C ANBERRA - Australia's ambassador to Phnom Penh, Tony Kevin, has told an Australian
Senate inquiry that Cambodia's chief hostage negotiator complained frequently that
artillery shelling was interfering with ransom negotiations to free three Western
hostages held by the Khmer Rouge in 1994.
Kevin told the inquiry Nov 25 that the Cambodian Government adopted a strategy to
encircle and intermittently shell the mountain base in Kampot province where the
hostages were being held.
He said that one of the Australian embassy's main tasks at the time was to "try
and maintain at the forefront of government's mind" that it had to leave the
negotiator, General Chea Dara, room to negotiate.
Until now the former Australian Labor Government and the Department of Foreign Affairs
and Trade in Canberra has attempted to play down claims that Cambodian Government
military action endangered the hostages' lives.
The inquiry set up to investigate the execution of Australian David Wilson, 28, of
the Melbourne suburb of Seaford, has made contact with General Dara, offering him
a trip to Australia if he would testify about the circumstances of his sacking as
negotiator before defectors told of the hostages' deaths.
Kevin - who flew from Phnom Penh to Canberra to testify - said that after the bodies
of Wilson, Mark Slater, 28, of Britain and Jean-Michel Braquet, 29, of France were
discovered in shallow graves, General Dara went to Paris after apparently falling
out with high-ranking people in Phnom Penh.
Asked what the falling out was about Kevin said that maybe he "complained too
loudly and too often about the...military operations affecting his negotiations."
Kevin said there were also suggestions of Cambodian military factional rivalry and
jealousies that General Dara had been given a US$150,000 ransom, which was returned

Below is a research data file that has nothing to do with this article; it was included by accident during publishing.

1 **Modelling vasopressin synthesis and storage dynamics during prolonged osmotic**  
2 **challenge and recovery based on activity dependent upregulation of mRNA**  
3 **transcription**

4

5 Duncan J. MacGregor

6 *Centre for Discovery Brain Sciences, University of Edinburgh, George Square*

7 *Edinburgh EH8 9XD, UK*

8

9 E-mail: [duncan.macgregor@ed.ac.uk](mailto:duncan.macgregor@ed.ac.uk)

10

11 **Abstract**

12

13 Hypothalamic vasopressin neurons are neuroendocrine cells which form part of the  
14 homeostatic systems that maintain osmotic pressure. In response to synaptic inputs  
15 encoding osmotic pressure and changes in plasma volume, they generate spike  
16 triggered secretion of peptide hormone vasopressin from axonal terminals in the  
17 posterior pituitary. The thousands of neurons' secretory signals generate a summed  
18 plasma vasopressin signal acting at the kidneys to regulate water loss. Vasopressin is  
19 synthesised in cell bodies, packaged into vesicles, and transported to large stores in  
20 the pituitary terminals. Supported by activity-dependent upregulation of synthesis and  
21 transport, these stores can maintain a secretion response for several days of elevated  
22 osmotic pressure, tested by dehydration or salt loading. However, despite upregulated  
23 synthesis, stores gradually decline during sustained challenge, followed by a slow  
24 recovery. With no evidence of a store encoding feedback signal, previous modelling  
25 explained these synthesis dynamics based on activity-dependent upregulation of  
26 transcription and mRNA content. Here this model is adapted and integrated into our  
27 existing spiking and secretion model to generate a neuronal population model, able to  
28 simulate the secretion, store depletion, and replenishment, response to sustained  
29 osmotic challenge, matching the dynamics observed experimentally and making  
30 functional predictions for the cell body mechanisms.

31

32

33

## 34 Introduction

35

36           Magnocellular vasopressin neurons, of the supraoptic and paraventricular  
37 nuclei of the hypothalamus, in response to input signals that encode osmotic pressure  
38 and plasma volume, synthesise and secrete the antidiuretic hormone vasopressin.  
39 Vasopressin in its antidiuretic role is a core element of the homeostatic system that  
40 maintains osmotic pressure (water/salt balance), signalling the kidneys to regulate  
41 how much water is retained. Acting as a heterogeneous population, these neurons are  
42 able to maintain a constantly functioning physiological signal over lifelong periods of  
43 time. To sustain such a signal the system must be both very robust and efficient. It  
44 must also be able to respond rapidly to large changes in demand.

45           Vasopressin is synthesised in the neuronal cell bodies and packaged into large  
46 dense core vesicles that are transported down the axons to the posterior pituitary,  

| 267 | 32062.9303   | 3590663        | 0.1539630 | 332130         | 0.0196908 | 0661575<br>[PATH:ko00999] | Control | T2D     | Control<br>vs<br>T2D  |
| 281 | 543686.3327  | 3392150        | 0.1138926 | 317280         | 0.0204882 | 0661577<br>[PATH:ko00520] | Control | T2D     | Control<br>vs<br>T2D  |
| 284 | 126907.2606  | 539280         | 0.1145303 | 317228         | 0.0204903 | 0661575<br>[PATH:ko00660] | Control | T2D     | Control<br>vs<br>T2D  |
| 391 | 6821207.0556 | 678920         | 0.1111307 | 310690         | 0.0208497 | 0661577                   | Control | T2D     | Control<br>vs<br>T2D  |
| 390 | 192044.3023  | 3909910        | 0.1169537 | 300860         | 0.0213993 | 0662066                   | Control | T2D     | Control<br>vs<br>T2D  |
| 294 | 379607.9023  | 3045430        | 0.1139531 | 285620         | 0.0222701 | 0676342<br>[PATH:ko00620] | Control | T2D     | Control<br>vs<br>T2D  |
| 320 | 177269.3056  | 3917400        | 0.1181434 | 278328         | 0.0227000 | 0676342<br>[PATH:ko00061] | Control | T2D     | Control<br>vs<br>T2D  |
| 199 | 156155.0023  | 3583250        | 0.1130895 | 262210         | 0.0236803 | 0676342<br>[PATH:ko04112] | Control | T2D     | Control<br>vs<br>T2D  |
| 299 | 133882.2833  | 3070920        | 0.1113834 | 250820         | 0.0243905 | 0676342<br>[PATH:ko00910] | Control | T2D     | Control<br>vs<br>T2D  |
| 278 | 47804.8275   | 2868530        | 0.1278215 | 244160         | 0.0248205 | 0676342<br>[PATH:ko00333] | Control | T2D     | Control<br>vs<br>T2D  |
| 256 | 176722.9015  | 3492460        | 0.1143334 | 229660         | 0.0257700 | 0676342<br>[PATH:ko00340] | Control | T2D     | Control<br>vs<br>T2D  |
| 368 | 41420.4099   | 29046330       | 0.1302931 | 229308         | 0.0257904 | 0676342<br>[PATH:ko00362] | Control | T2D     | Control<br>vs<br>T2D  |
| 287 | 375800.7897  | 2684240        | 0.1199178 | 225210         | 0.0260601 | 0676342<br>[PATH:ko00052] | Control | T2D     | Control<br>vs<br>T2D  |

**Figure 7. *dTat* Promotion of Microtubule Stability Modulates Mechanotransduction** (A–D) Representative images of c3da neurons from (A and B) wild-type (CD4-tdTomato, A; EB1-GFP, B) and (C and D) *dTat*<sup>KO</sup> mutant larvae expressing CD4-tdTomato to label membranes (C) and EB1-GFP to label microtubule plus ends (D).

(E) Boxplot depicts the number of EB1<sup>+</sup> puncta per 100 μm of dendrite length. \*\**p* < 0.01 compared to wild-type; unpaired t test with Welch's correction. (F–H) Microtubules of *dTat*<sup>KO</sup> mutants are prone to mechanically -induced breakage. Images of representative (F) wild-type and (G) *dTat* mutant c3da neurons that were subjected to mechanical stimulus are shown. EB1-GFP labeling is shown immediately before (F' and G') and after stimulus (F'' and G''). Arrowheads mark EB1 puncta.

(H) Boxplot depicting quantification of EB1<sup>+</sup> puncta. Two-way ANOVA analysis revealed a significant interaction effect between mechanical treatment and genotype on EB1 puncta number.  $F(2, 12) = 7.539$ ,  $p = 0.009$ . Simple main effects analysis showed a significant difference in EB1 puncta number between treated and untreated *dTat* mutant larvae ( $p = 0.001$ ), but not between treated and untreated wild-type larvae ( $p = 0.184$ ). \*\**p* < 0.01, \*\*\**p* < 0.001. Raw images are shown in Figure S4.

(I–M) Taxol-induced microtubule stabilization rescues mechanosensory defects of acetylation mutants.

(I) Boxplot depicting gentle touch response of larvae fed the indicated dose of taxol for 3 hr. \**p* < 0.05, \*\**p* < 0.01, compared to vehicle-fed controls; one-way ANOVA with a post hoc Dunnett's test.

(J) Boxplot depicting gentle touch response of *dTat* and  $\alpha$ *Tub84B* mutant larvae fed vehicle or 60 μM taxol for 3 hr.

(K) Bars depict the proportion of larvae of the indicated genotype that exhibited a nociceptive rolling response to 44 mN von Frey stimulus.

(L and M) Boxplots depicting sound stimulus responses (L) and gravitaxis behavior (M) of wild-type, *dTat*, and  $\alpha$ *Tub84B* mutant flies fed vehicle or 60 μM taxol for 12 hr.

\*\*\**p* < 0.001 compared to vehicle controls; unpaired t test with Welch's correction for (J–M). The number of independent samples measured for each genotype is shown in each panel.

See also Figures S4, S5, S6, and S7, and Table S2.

to the Cambodian Finance Ministry almost 12 months later with $10,000 missing.
However, in a statement read to the inquiry Kevin defended the actions of the Cambodian
Government and military, saying they "did all they could to save the hostages
within the limits of their own capacities."
Kevin said that the government and military clearly wanted to eliminate the Khmer
Rouge from the southern Kampot province by taking the mountain base where the hostages
were being held although reports of "pitched battles" were exaggerated.
He said the record shows the government and military were responsive to Australia's
priority concern to save the hostages while at the same time trying to take the mountain.
"Within the limits imposed by their own lack of administrative resources and
by their inexperienced and factionalized political system, the Cambodians did their
best to respond to our concerns," Kevin said.
Kevin rejected suggestions by Cambodia's former Finance Minister, Sam Rainsy, of
a government or military conspiracy to kill the hostages.
"There is no evidence of this," he said.
"There were, as the record shows, some evident sensitivities and clumsiness
in the management of information at various key stages of the crisis, especially
in the confused final weeks."
Kevin said there were a few "corrupt and self-seeking individuals who sought
at times to profit from the situation."
Kevin testified that one Cambodian military officer, General Eng Hong, twice went
to the Australian embassy and made a corrupt offer to have the hostages released
for $1 million.
The embassy complained to Cambodian authorities but Eng Hong remained involved in
the case and even tried to run consular officials over in a truck in which he collected
General Hong apparently wanted to sell photographs of the bodies.
Asked about reports of rivalry between the two Prime Ministers, Prince Norodom Ranariddh
and Samdech Hun Sen, Kevin said relations between the two are now "brittle and
distrustful." But he said that at the time of the hostage crisis the two leaders
were working hard to function as a coalition government.
A senior officer of the Department of Foreign Affairs and Trade, Robert Hamilton,
told the inquiry that the department has never sought to disguise the shortcomings
of the Cambodian Government that arise from "the destruction and horrors of
the last 30 years of Cambodian history."
Hamilton said the department was convinced that the Cambodian Government did everything
in its power to free the hostages.
"It certainly did incomparably more than it has ever done for the hundreds,
if not thousands, of Cambodians abducted in similar situations, he said.
"It was never possible for the three Western countries, let alone Australia
by itself, to seek to take over the case. And it was accepted as such by the [Australian]
government and all other governments that ever expressed a view."
Hamilton said: "The brutal deaths of David Wilson and his companions remain
the responsibility of the Khmer Rouge..."